Schools ‘must open their doors to engage parents’

26th January 2018 at 00:00
Heads urged to follow nursery approach to get families involved in pupils’ learning

They hold the keys to pupils’ educational success – yet many feel remote from school and that they are fumbling in the dark when trying to help children learn.

These are the people most likely to be orbiting pupils in the 75-85 per cent of their waking hours that they are estimated to spend outside school: parents.

Tes Scotland analysis of survey responses from thousands of parents sheds light on some worrying feedback. Despite the rhetoric about “parental engagement” in Scottish education in recent years, many parents struggle to see it in practice – and the picture is possibly worse than suggested in the survey, because the responses were most likely to come from families that are more involved in school life. Now a national organisation for nurseries – which are shown in inspection analysis to have stronger links with parents than schools – has called on schools to follow their lead and throw open their doors to parents.

Learning together

Research shows that “parental involvement” is “consistently associated with pupils’ success at school” – although it is less clear exactly what type of parental involvement increases attainment.

In the National Improvement Framework for Scottish Education (NIF) evidence report (see, 70 per cent of 4,603 parents at schools inspected between January and June 2017 agreed that their school gave them advice to on how to support their child’s learning at home. Only half said the school organised activities where they and their child could learn together.

Joanna Murphy, chair of the National Parent Forum of Scotland (NPFS), says “we have come a long way with parental engagement and involvement” but that “more can certainly be done”. In a NPFS survey last year, around three-quarters of parents said they had been given an opportunity to be included in their child’s education, but Murphy sees “a lack of understanding among many practitioners and families as to what learning at home really is and can be”.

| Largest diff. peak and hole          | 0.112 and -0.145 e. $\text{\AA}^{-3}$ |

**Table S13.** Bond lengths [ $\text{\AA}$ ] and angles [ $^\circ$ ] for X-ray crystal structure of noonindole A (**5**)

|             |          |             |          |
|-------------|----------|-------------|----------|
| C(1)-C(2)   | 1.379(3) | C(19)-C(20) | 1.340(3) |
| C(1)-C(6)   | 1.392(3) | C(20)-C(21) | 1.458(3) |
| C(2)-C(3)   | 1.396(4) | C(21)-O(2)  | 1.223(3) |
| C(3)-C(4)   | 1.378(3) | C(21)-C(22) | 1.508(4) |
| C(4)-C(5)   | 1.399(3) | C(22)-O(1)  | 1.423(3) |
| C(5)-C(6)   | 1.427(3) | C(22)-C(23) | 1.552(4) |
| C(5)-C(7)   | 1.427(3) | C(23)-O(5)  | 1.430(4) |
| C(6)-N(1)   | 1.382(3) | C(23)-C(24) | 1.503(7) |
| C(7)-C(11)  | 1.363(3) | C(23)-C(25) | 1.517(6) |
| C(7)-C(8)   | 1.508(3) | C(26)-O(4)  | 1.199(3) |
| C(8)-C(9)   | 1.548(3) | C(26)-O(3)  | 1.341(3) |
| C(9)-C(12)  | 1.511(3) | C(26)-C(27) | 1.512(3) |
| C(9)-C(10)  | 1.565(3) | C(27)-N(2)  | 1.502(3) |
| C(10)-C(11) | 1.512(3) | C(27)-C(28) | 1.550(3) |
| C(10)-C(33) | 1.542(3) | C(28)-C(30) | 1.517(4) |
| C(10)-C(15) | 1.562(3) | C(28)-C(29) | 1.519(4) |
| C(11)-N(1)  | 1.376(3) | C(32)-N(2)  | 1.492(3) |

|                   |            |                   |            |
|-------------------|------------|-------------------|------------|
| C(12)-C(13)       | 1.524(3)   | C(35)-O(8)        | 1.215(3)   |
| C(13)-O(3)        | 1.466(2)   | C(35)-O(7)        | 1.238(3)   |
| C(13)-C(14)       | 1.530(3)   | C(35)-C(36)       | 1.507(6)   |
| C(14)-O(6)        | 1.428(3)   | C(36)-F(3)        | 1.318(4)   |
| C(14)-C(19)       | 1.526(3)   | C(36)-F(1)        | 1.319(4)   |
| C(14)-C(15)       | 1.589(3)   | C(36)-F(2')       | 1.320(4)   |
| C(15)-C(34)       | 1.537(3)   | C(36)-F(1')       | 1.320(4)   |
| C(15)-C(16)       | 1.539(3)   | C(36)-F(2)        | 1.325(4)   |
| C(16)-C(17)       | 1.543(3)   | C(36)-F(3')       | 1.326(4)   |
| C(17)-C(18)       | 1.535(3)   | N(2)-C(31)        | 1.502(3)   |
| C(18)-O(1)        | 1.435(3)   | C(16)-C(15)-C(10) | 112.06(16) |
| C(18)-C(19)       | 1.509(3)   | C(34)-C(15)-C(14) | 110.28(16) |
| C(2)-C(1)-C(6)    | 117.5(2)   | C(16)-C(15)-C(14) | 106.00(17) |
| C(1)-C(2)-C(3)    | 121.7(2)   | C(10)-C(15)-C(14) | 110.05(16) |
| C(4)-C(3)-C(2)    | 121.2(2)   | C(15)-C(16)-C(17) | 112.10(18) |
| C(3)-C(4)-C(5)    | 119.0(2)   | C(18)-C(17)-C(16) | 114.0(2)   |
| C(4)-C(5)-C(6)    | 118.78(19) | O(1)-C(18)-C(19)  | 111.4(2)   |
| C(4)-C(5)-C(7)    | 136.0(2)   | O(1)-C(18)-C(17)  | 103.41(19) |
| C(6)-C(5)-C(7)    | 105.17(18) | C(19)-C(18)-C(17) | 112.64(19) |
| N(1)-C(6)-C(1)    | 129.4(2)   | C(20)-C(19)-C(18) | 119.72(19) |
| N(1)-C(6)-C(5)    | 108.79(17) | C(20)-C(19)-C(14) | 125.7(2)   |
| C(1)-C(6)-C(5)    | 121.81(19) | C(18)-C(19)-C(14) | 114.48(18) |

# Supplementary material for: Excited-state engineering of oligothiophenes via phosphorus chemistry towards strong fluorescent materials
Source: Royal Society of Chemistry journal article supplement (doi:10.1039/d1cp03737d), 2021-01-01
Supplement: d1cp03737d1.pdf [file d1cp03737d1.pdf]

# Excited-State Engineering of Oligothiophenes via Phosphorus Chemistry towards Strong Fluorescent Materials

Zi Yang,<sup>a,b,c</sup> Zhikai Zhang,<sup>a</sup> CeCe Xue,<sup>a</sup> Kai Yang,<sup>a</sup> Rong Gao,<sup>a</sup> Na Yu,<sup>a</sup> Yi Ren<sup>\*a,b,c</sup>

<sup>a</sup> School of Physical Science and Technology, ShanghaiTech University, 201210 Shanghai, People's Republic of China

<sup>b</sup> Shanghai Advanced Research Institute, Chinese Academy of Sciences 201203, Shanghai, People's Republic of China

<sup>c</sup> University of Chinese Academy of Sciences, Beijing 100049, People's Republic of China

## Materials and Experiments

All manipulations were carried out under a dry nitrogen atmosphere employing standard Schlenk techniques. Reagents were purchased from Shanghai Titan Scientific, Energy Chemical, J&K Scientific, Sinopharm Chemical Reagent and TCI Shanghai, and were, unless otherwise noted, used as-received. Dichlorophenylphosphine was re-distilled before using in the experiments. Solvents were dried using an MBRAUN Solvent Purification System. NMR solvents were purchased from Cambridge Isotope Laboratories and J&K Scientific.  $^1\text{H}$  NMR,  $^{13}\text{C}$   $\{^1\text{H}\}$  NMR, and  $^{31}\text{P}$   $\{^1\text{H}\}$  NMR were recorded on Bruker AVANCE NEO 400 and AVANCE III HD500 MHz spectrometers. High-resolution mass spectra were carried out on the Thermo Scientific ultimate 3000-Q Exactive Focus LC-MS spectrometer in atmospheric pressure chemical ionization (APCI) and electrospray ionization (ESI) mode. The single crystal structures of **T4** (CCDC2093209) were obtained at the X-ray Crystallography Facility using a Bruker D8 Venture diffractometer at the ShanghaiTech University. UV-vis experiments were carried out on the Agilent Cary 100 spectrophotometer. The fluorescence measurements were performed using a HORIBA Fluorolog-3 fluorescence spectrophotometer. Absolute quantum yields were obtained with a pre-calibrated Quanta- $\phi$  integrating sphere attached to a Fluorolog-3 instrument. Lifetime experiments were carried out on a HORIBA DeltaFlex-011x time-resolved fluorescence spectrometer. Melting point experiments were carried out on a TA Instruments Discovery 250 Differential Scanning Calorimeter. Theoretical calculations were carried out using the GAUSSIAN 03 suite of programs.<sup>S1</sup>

The NPFS has also found substantial variations in levels of commitment to parental involvement across Scotland.

Murphy is concerned, too, about a “lack of support for parents with literacy, communication or language difficulties” and schools’ growing reliance on technology for learning at home, which disadvantages families without a computer or good broadband.

Inspection data in the NIF report – based on responses from 819 parents of children in pre-school settings inspected in 2017 – shows higher levels of involvement than with parents of schoolchildren.


Purnima Tanuku, chief executive of the National Day Nurseries Association (NDNA) Scotland, says: “Once a child starts school, parents lose that daily contact with the teacher. They no longer go into school with their child but wait outside. Schools good at engaging with parents will encourage parents to go into their child’s classroom regularly and have brief chats with the teacher wherever possible.” She advocates “a more ‘open-house’ policy” where parents – even of older pupils – are “actively encouraged to see what their child has done during the day and ask teachers regular questions”.

Maximising contribution

Eileen Prior, executive director of the Scottish Parent Teacher Council, warns that it is mostly parents “who are already engaged” who take part in surveys run by school inspectors, so the survey data is likely to overestimate parental involvement. She also questions the value of some of what is described as parental involvement or engagement, explaining that “a great deal of activity goes on around parents – for example, sending out newsletters or organising events – which is a “starting point” but not nearly enough to maximise parents’ contribution to learning.

Parents will make a far bigger difference if they are at the centre of what schools do and involved in key decisions, Prior argues.

NPFS research has shown that families find it particularly hard to support their children in secondary school. Jim Thewliss, general secretary of School Leaders Scotland, which represents secondary heads, says the NIF report, overall, shows a “move forward” in parental engagement and offers “much for us to be satisfied with, in that over four out of five parents were happy with their child’s school and were comfortable in approaching the school”. He believes that, while there is still some way to go, it is “healthy” to see seven out of 10 parents agreeing that their school gave them advice on how to support their child’s learning at home.

An Education Scotland spokeswoman said: “Parent engagement is a key driver in the National Improvement Framework. Education Scotland will continue to work with colleagues and partners to ensure we support and enhance parental engagement throughout a child’s education experience.”


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